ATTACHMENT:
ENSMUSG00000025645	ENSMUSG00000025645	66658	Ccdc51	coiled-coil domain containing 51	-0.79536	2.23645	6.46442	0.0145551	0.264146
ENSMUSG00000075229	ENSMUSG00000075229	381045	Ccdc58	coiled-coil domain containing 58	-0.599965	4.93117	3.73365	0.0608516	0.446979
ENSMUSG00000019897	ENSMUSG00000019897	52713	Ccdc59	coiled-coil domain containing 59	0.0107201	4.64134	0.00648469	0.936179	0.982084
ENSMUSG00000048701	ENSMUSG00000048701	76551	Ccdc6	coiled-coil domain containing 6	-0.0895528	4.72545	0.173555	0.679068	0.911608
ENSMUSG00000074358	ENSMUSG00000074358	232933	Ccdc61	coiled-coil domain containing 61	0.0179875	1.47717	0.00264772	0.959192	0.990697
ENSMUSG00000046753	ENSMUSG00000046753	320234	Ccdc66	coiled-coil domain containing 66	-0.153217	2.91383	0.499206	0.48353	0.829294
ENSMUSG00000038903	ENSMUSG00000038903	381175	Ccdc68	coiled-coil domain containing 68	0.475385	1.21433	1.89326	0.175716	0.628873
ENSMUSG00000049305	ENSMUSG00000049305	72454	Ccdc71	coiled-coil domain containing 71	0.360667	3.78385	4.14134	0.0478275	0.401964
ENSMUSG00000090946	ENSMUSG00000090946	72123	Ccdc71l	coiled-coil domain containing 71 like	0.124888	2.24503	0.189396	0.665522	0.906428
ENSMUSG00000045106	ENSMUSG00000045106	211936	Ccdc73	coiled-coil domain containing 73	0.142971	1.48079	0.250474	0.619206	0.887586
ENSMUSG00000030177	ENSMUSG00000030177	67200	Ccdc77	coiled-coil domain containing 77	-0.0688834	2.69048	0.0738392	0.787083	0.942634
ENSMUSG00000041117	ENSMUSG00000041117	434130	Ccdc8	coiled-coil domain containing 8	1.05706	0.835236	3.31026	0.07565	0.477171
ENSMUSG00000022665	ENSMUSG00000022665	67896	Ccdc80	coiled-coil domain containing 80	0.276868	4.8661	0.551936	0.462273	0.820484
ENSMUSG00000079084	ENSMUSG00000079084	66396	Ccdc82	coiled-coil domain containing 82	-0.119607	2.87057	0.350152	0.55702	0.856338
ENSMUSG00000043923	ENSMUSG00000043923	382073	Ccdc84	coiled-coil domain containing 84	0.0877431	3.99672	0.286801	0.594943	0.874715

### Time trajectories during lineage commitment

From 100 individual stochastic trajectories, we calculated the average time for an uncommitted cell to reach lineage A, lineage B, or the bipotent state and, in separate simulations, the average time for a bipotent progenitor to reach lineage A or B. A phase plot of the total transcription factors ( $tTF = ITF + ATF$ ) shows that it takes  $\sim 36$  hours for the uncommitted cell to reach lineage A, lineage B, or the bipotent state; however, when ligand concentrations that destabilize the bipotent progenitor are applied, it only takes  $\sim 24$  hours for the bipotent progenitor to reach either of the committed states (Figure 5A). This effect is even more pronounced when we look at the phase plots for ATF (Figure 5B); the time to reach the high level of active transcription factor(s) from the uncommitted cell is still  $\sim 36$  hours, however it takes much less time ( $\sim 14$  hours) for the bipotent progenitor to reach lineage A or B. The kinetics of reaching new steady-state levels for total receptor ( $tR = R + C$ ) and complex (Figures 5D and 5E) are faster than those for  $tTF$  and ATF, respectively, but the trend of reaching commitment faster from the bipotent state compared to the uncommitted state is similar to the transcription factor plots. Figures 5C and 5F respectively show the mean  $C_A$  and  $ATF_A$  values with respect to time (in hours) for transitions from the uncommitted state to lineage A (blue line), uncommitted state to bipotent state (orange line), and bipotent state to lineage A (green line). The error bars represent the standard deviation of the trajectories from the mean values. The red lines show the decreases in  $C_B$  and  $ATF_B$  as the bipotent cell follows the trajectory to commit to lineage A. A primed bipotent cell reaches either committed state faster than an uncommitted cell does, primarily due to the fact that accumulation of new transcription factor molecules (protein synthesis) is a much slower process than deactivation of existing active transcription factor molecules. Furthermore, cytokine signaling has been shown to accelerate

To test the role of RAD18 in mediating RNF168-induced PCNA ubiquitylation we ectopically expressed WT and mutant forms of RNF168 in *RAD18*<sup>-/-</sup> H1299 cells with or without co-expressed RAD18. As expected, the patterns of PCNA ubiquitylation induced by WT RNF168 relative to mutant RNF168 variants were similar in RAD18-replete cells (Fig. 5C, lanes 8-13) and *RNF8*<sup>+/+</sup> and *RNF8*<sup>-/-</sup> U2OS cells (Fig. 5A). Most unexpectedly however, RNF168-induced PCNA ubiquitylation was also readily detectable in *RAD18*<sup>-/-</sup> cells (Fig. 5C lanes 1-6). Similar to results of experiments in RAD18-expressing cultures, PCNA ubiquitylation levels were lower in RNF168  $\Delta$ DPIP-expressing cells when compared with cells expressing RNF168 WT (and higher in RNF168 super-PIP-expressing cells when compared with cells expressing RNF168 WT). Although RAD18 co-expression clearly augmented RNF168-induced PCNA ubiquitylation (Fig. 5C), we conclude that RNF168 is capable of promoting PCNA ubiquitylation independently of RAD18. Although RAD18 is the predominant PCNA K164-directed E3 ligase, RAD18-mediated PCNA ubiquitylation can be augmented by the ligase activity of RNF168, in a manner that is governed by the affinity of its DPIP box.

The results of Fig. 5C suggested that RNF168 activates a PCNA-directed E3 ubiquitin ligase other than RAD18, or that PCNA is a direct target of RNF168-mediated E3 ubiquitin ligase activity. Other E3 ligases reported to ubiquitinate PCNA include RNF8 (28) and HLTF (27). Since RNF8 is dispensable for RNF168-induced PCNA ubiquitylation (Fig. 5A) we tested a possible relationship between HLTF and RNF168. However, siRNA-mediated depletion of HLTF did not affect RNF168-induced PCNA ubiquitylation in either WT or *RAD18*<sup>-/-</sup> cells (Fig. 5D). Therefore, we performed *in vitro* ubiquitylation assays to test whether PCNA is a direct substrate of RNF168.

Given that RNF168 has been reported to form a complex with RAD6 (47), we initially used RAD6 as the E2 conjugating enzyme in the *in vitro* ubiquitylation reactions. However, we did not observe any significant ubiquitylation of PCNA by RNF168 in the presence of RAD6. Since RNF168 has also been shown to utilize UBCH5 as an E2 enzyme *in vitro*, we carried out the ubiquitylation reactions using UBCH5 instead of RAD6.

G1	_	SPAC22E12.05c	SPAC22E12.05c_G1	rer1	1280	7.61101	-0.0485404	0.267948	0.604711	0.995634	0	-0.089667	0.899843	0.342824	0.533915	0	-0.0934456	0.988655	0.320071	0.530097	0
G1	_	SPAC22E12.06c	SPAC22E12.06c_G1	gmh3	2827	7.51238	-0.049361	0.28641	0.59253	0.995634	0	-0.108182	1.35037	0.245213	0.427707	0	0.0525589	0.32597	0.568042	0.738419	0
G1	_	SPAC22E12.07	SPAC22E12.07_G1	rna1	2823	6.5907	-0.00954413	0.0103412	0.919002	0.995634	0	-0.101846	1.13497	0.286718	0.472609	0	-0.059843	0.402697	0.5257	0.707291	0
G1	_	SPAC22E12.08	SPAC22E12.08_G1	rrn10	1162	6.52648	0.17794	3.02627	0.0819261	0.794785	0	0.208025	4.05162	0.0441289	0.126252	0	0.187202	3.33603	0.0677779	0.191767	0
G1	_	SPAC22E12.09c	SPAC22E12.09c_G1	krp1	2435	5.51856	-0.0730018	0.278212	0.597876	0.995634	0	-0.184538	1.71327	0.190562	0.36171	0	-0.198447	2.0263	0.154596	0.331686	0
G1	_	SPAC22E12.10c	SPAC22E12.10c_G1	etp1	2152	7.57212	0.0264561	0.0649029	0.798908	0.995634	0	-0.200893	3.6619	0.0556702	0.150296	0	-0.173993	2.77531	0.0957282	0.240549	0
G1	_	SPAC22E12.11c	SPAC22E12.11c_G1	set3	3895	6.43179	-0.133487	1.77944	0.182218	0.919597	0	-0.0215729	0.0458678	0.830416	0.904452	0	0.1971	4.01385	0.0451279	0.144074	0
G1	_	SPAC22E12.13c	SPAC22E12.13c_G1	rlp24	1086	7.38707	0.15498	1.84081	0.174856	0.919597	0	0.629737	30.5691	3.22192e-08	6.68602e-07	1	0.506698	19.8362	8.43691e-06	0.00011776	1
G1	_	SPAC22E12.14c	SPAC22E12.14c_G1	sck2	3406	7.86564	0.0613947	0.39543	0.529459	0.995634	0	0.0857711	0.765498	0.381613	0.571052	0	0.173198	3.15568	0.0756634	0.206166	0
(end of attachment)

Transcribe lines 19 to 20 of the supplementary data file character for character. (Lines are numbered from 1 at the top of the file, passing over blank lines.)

The results of Fig. 5C suggested that RNF168 activates a PCNA-directed E3 ubiquitin ligase other than RAD18, or that PCNA is a direct target of RNF168-mediated E3 ubiquitin ligase activity. Other E3 ligases reported to ubiquitinate PCNA include RNF8 (28) and HLTF (27). Since RNF8 is dispensable for RNF168-induced PCNA ubiquitylation (Fig. 5A) we tested a possible relationship between HLTF and RNF168. However, siRNA-mediated depletion of HLTF did not affect RNF168-induced PCNA ubiquitylation in either WT or *RAD18*<sup>-/-</sup> cells (Fig. 5D). Therefore, we performed *in vitro* ubiquitylation assays to test whether PCNA is a direct substrate of RNF168.

Given that RNF168 has been reported to form a complex with RAD6 (47), we initially used RAD6 as the E2 conjugating enzyme in the *in vitro* ubiquitylation reactions. However, we did not observe any significant ubiquitylation of PCNA by RNF168 in the presence of RAD6. Since RNF168 has also been shown to utilize UBCH5 as an E2 enzyme *in vitro*, we carried out the ubiquitylation reactions using UBCH5 instead of RAD6.